- Got the Call on Speed Dial: Squirrel Girl's greatest ambition has always been to use her powers to help mankind. And squirrel-kind. At the age of 14, Squirrel Girl attacked Doctor Doom in order to become Iron Man's sidekick. As a slightly older teenager in New York, she helped the police by catching muggers in Central Park. She joined the Great Lakes Avengers without giving it a second thought. She seems to have no emotional baggage about fighting crime or being abnormal. (This puts her in a substantial minority in the Marvel Universe.)
- Greek Chorus: Fourth-Wall Observers Monkey Joe and Tippy-Toe (and even Squirrel Girl herself) discuss and use Tropes such as Armed with Canon, Biting-the-Hand Humor, Digital Piracy Is Evil, Stuffed in the Fridge, and This Loser Is You.
- Guile Hero: Most notably in her own series, where her victories are actually seen by the readers; all to often, she does so by Talking the Monster to Death. Not that she can't do it the old fashioned way if she has to.
- Heart Is an Awesome Power: She gets a lot of mileage out of "communicate with squirrels". It may seem stupid at first, but once they manage to take out Doctor Doom...
- Hypocritical Humor: In her I (Heart) Marvel appearance, Squirrel Girl accuses The Bug-Eyed Voice of committing a criminal offense because he is stalking Speedball. She does this while she is occupied in stalking Speedball.
- Imagine Spotting: She can read Deadpool's little yellow boxes.
- Impossible Task Instantly Accomplished: Just ask Thanos.
- In a Single Bound: She can leap several stories up into the air.
- Informed Attribute: Her alleged power level is this. She never actually displays powers beyond her increased (but still lower than, say, Spider-Man) strength and agility, her knuckle spikes, and her ability to talk with squirrels. She gets an amazing amount of mileage out of the squirrel control, but any villain that cannot be beaten by having a small, furry critter wriggle under their armor is often beaten offscreen (if at all; she has not actually appeared enough to be a true "power player" in the Marvel universe).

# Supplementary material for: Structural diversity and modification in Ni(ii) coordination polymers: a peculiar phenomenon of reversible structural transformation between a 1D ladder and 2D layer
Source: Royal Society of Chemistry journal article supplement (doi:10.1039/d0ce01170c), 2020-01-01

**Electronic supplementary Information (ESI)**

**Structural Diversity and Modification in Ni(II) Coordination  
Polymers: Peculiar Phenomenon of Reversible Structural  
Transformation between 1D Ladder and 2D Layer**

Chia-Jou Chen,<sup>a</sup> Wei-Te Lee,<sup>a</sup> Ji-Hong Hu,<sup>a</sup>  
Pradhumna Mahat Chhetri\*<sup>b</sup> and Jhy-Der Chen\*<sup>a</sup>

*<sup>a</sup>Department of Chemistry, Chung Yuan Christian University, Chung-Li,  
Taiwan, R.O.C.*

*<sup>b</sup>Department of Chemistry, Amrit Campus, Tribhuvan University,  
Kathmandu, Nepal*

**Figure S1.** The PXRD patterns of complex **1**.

- Invincible Hero: This has been the central gag behind Squirrel Girl's existence after her resurrection in Great Lakes Avengers: Misassembled. But various writers have played with the notion more than once.
- The closest she has ever come to defeat was failing to convince Robbie "Penance" Baldwin to return to being Speedball. note
- In Unbeatable, Doreen often avoids fighting an opponent to stop them. She is a big believer in The Power of Friendship and has stopped numerous substantial threats by considering their point of view, offering other options, and generally treating them like reasonable people. (Galactus is invulnerable to all conventional forces, but he is still open to reason.) This kind of bait-and-switch alternates with more conventional victories—she does still have to punch villains sometimes—so you never know what kind of victory she will get.
- Ironic Echo Cut: Squirrel Girl's victory over Thanos, who possessed the power to screw the Multiverse.
- Lampshade Hanging: She is a universe-wide (or even genre-wide) lampshade, telling how ridiculous comparisons between heroes or villains are, and the power levels are moot before the whims of the writer of the current story.
- Leotard of Power: Several depictions have this.
- Little Bit Beastly: Doreen herself qualifies, being human with pronounced squirrel-like features — an overbite, squirrel ears, and a big squirrel tail.
- Master of All: Squirrel Girl's official ratings have every stat maxed out. It is a Running Gag that she keeps defeating Marvel's most powerful villains, including cosmic entities such as Galactus, either off-camera or in ridiculous ways. Often with the help of squirrels.